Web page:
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An initial study on the effect of functional electrical stimulation in erectile dysfunction: a randomized controlled trial

Abstract

Erectile dysfunction (ED) affects approximately 150 million men worldwide. Functional electrical stimulation (FES) therapy has shown a high regenerative capacity for smooth muscle cells and, therefore, is being increasingly adopted. FES can be a beneficial treatment option when the cause of ED is related to degeneration of cavernous smooth muscle. To evaluate the impact of FES on erectile function in men with erectile dysfunction. Twenty-two patients with ED participated in this randomized clinical trial. Participants were randomly assigned to two groups: intervention (IG) or control (CG). IG participants underwent FES therapy (50 Hz/500 µs) for a total of 4 weeks, divided into two weekly sessions lasting 15 min each, with intensity lower than the motor threshold. CG participants were treated with placebo FES and followed the same routine as the IG. Erectile function was assessed by the validated International Index of Erectile Function (IIEF-5) and Erection Hardness Score (EHS), applied before and after treatment, and quality of life, by the WHOQOL questionnaire. Statistically significant differences in IIEF-5 and EHS were found between the IG and CG after treatment (p <  0.05), as well as a within-group difference in the IG when comparing the post-treatment periods (p < 0.0001) The WHOQOL revealed a significant difference between CG and IG after treatment (p < 0.05), as well as a within-group difference in the IG after treatment (p < 0.0001), except in the Environment domain, in which there was no difference between the pre- and post-treatment periods (50.9 ± 2.8 pre vs. 52.3 ± 3.1 post). This trial showed that FES therapy may improve erectile function and quality of life in men with ED.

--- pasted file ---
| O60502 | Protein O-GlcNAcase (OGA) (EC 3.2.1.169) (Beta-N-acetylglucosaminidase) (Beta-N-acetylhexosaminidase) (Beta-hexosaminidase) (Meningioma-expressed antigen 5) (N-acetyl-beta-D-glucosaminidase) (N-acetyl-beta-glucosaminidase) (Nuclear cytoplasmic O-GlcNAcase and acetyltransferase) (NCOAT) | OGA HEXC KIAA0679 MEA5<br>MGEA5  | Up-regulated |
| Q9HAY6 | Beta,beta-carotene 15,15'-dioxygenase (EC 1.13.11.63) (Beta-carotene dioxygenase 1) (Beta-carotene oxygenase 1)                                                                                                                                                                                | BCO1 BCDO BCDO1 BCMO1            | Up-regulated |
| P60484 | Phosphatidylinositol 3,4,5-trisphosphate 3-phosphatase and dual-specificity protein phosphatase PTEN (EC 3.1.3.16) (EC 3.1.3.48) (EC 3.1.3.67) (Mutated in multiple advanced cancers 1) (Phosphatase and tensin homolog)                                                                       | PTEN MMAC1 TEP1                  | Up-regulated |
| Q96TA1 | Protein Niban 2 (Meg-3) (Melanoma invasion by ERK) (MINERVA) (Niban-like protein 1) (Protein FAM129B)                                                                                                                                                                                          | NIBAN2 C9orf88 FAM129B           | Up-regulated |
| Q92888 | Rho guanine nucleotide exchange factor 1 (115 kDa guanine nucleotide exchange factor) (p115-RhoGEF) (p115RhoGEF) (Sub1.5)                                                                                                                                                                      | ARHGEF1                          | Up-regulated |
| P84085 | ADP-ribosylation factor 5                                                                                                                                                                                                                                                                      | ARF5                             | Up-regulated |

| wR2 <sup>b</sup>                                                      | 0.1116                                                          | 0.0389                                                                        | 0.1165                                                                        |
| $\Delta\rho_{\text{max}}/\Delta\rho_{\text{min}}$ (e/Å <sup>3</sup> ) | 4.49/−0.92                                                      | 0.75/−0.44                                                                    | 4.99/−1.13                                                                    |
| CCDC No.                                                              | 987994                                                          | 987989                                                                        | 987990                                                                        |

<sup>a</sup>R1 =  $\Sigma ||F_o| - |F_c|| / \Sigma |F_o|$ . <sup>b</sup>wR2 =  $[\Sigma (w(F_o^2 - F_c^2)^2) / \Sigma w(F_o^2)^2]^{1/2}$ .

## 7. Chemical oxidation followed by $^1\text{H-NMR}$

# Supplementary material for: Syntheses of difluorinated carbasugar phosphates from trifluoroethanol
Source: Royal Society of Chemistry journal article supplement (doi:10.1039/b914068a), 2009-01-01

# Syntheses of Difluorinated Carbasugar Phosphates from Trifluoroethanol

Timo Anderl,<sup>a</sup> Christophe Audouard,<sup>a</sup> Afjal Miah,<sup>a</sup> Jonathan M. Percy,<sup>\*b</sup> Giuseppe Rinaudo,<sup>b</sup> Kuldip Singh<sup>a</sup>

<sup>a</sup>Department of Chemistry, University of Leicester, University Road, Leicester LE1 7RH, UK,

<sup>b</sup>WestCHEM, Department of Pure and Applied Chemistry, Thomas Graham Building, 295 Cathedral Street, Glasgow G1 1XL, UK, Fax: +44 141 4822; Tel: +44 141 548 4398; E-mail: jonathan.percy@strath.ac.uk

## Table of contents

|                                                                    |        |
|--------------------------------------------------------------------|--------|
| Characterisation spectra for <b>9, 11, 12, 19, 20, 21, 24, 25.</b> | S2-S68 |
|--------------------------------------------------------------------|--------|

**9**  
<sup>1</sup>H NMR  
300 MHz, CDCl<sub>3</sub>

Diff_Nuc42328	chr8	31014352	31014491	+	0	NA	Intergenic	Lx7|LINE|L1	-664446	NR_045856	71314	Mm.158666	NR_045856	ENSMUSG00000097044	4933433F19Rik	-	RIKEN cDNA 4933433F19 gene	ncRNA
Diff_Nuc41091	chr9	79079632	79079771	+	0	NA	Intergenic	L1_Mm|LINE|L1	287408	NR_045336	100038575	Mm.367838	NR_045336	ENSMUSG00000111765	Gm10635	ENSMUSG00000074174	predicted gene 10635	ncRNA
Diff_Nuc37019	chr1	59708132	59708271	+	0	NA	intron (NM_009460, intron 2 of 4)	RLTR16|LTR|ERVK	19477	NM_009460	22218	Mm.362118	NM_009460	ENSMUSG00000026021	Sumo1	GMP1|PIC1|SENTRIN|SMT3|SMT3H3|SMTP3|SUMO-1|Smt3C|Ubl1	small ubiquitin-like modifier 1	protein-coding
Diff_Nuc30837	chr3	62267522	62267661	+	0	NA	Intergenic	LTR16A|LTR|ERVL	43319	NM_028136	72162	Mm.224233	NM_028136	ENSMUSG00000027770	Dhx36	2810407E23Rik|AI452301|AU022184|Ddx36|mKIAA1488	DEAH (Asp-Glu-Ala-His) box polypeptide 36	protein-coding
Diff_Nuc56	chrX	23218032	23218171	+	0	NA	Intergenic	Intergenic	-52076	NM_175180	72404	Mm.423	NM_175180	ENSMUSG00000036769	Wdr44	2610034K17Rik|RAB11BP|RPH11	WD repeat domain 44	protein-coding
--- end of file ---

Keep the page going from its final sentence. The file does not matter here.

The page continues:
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Correspondence to Cristiane Carboni.

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Carboni, C., Fornari, A., Bragante, K.C. et al. An initial study on the effect of functional electrical stimulation in erectile dysfunction: a randomized controlled trial. Int J Impot Res 30, 97–101 (2018). https://doi.org/10.1038/s41443-018-0024-8

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